In Depth: Fighting sex trafficking in the Capital Region

February 06, 2017 07:09 PM

A young mother abducted in California, possibly by sex traffickers. It's a story that made national headlines.

Sherri Papini was held against her will, had her hair chopped off, was beaten, starved and branded and then finally released. Investigators say it may have been part of a sex trafficking ring. That led NewsChannel 13's Kelly Lynch to ask does that really happen and does sex trafficking happen here, in the Capital Region?

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To most people, life as usual in the Capital Region is work, school, kids, sports and the arts. However, there is a darker side. It's a seedy underbelly that most of us are completely unaware of. They operate in local hotels, online. It's sex trafficking. Young women taken from their friends and families and sold into a life of drugs and sex with strangers.

It happened to "Susan." NewsChannel 13 changed her name and identity.  She's not ready for the world to know that as a 14-year-old in Schenectady, she was grabbed off the street, drugged and forced into a life of prostitution.

"He stopped and pulled the car up and he got out of the car and he said, 'Get in the car,' and I said, 'No, I have two feet, I'm walking. I like walking.' Then, he pulled out a knife," she recalled. "I got shoved into the car and as I was kind of doing a fading out, it was like, 'You work for me now,'" recalled Susan.

She was forced to sleep on a blanket on the floor, wear provocative clothes and shoes. He told her what to say, and how to act and he was always watching.

"I was told that if I ran away, he would find me. He would kill me. I was told if I didn't do what he wanted me to do, I wasn't going to eat. I got hit, I got slapped, I got pushed out there I got threatened with 'I've got a gun in this car,'" she recalled.

She was taken to local motels, in random cars and most of the men she was forced to do things with knew she was barely a teenager.

"He actually made me walk up and down State Street and men would actually pull up and I tried being smart and saying, 'You know, I'm only 14.' 'That's alright. Get in,'" she recalled.

Susan doesn't know how long it went on for. She thinks maybe a year. Then one day, a family friend saw her from his cab.

"He said, 'Come on. Get in. We'll go for a ride' and I got in the car and he drove me straight to the police station," recalled Susan.

WEB EXTRA: "Susan" talks about getting out of a life of forced drugs and prostitution

The man who abducted Susan went to prison and Susan got the help she needed to put her life together. However, that's rarely how these cases turn out. 

Sadly, it happens here more than we realize.

"A lot of people think that it's just poor children, or strictly inner city children. That's normally not the case," explained Albany County Sheriff Craig Apple.

He says he has seen it over and over and while they may not be walking the streets, they are now being put out there in other ways.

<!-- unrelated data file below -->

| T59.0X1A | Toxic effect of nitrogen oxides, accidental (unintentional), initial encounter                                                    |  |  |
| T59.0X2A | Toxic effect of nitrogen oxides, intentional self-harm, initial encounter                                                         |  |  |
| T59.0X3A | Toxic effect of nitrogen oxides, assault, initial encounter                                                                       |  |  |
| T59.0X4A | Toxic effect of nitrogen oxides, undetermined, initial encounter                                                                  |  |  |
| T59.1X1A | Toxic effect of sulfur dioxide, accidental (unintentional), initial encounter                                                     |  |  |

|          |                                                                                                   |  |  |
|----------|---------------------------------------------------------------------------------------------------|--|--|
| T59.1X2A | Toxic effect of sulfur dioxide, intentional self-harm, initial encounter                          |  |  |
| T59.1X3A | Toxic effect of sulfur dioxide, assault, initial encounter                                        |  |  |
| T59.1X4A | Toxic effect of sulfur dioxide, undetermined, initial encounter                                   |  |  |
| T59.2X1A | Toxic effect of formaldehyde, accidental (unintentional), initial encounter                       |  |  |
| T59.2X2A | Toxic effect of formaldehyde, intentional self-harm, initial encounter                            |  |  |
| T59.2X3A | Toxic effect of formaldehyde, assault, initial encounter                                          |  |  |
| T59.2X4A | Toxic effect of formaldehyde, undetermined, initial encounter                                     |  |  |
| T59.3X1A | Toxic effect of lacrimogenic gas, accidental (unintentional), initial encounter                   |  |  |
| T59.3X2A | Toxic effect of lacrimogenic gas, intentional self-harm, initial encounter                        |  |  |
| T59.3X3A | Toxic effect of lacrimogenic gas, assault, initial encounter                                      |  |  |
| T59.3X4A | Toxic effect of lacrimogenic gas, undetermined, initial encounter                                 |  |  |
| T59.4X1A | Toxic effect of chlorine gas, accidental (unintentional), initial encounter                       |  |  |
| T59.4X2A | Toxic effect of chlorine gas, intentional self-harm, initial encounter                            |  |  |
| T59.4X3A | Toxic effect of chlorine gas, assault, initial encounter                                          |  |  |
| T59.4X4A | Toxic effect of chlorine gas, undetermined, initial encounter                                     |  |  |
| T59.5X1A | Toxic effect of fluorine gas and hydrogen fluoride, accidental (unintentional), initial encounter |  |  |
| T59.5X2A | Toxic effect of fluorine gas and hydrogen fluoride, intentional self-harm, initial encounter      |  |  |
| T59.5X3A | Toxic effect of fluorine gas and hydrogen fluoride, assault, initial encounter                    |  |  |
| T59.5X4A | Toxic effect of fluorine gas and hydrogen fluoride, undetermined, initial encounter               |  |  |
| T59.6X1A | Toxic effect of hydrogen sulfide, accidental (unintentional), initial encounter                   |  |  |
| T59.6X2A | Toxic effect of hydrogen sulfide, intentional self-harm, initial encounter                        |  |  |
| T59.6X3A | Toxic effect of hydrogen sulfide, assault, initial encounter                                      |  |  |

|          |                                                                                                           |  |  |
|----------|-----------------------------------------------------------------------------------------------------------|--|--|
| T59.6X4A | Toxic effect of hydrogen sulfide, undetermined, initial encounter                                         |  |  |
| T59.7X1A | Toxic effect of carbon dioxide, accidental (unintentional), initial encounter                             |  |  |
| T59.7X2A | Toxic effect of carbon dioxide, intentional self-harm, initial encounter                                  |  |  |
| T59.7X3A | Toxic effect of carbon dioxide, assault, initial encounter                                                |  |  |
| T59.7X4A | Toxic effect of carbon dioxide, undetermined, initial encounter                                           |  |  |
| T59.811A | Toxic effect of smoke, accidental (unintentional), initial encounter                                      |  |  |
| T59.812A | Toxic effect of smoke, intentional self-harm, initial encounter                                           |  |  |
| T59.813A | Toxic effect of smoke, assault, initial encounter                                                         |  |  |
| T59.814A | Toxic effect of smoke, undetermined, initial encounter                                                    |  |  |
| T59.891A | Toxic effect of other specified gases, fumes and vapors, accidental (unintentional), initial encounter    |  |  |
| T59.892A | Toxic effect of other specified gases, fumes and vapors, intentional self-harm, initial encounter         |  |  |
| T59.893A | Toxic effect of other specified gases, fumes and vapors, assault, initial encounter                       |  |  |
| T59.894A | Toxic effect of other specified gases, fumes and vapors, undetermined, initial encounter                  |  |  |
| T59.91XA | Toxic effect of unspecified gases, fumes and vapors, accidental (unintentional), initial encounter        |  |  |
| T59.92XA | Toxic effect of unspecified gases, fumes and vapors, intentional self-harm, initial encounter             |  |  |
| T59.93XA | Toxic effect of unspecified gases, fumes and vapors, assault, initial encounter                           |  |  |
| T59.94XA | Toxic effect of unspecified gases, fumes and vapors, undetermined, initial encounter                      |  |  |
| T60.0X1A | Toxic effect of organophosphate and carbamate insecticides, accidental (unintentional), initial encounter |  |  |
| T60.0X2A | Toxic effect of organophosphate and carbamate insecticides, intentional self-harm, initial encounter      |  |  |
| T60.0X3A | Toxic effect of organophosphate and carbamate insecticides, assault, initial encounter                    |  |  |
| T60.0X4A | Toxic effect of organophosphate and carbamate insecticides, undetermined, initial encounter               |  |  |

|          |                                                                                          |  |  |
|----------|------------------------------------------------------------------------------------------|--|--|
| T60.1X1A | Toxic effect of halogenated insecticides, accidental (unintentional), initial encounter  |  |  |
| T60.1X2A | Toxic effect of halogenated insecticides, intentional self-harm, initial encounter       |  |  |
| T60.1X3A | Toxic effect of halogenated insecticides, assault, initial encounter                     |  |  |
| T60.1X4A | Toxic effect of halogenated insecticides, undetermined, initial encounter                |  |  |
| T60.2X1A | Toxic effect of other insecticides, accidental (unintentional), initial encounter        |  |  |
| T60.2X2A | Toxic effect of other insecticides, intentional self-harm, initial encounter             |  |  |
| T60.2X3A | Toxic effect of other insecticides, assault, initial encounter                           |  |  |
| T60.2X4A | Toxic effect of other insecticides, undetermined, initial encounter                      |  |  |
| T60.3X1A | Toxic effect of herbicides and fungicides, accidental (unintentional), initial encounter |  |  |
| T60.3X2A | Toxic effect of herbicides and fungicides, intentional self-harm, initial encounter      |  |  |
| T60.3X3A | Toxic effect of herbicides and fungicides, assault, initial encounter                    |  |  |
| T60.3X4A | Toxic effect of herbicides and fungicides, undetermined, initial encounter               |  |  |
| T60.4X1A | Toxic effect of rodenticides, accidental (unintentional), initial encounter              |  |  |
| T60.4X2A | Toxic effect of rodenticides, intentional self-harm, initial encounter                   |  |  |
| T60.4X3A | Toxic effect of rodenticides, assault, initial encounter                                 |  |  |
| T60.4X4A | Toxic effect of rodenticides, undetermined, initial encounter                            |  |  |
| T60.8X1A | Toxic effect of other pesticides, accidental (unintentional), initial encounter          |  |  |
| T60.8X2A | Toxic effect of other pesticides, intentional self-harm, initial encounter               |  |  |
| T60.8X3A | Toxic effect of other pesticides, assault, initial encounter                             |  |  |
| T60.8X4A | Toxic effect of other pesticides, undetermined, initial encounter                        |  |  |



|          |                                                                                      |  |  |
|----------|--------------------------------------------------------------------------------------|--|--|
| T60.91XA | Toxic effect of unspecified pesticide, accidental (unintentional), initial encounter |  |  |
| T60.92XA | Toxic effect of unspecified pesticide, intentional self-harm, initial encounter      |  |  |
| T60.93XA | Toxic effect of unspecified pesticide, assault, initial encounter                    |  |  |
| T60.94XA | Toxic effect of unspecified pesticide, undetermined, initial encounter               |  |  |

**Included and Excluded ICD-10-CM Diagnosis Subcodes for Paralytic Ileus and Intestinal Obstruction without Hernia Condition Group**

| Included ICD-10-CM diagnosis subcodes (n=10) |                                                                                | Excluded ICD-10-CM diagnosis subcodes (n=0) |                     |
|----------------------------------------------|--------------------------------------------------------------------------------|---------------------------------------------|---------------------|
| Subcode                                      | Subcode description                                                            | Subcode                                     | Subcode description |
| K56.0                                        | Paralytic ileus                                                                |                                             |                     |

"Mostly they're younger girls who meet somebody online, who at that point have no idea who they are talking to. They think they are talking to an 18 to 20-something and instead it's a 50-year-old guy who has this going with three or four other young ladies. They'll meet her and boom, out of the area they go," explained Apple. "It happens a lot in a lot of area hotels. I know when people see this they're going to go, 'Jeez, does that really happen around here? You wouldn't believe the amount of times a day that we are getting calls or finding people."

The help is coming from the most unlikely of places.

Stephen Dick Jr. owns Nite Moves, a strip club in Latham. He's also part of a national coalition of club owners working with Homeland Security to fight sex trafficking.

"This is modern day slavery, these are people who are being held against their will and forced to do things they don't necessarily want to be doing," explained Dick.

The club owners are trained in how to spot a woman who is being trafficked and what to do about it and it's working.

"We have had several positive results," pointed out Dick. "We found, with education and knowing what to look for, we have actually been able to save several women," explained Dick.

Across the Capital Region, billboards have popped up providing a hotline and way out. However, just putting it out there isn't enough. Sheriff Apple says it's up to the public to help too.

"We always say if you see something, say something and it doesn't always have to be for terror," noted Apple. "When it comes to trying to help a child, you have to do everything you can, because this person has a long life ahead of himself or herself and there's a lot of services out there."

It's because of women like Susan who are willing to bring their stories out of the dark and shed light on the very real issue of sex trafficking right here in the Capital Region that help is available. The state has a hotline set up. There are resources out there. All it takes is a phone call.

More informaton:

Help for Victims of Human Trafficking, or to report a suspected case:

1-888-373-7888 or text HELP to 233733 ("Be Free")

How to recognize a potential victim of sex trafficking:

  • Young, often dressed provocatively
  • May be in the company of an older person who speaks for them
  • Doesn't make eye contact
  • Seems fearful or hesitant


Kelly Lynch

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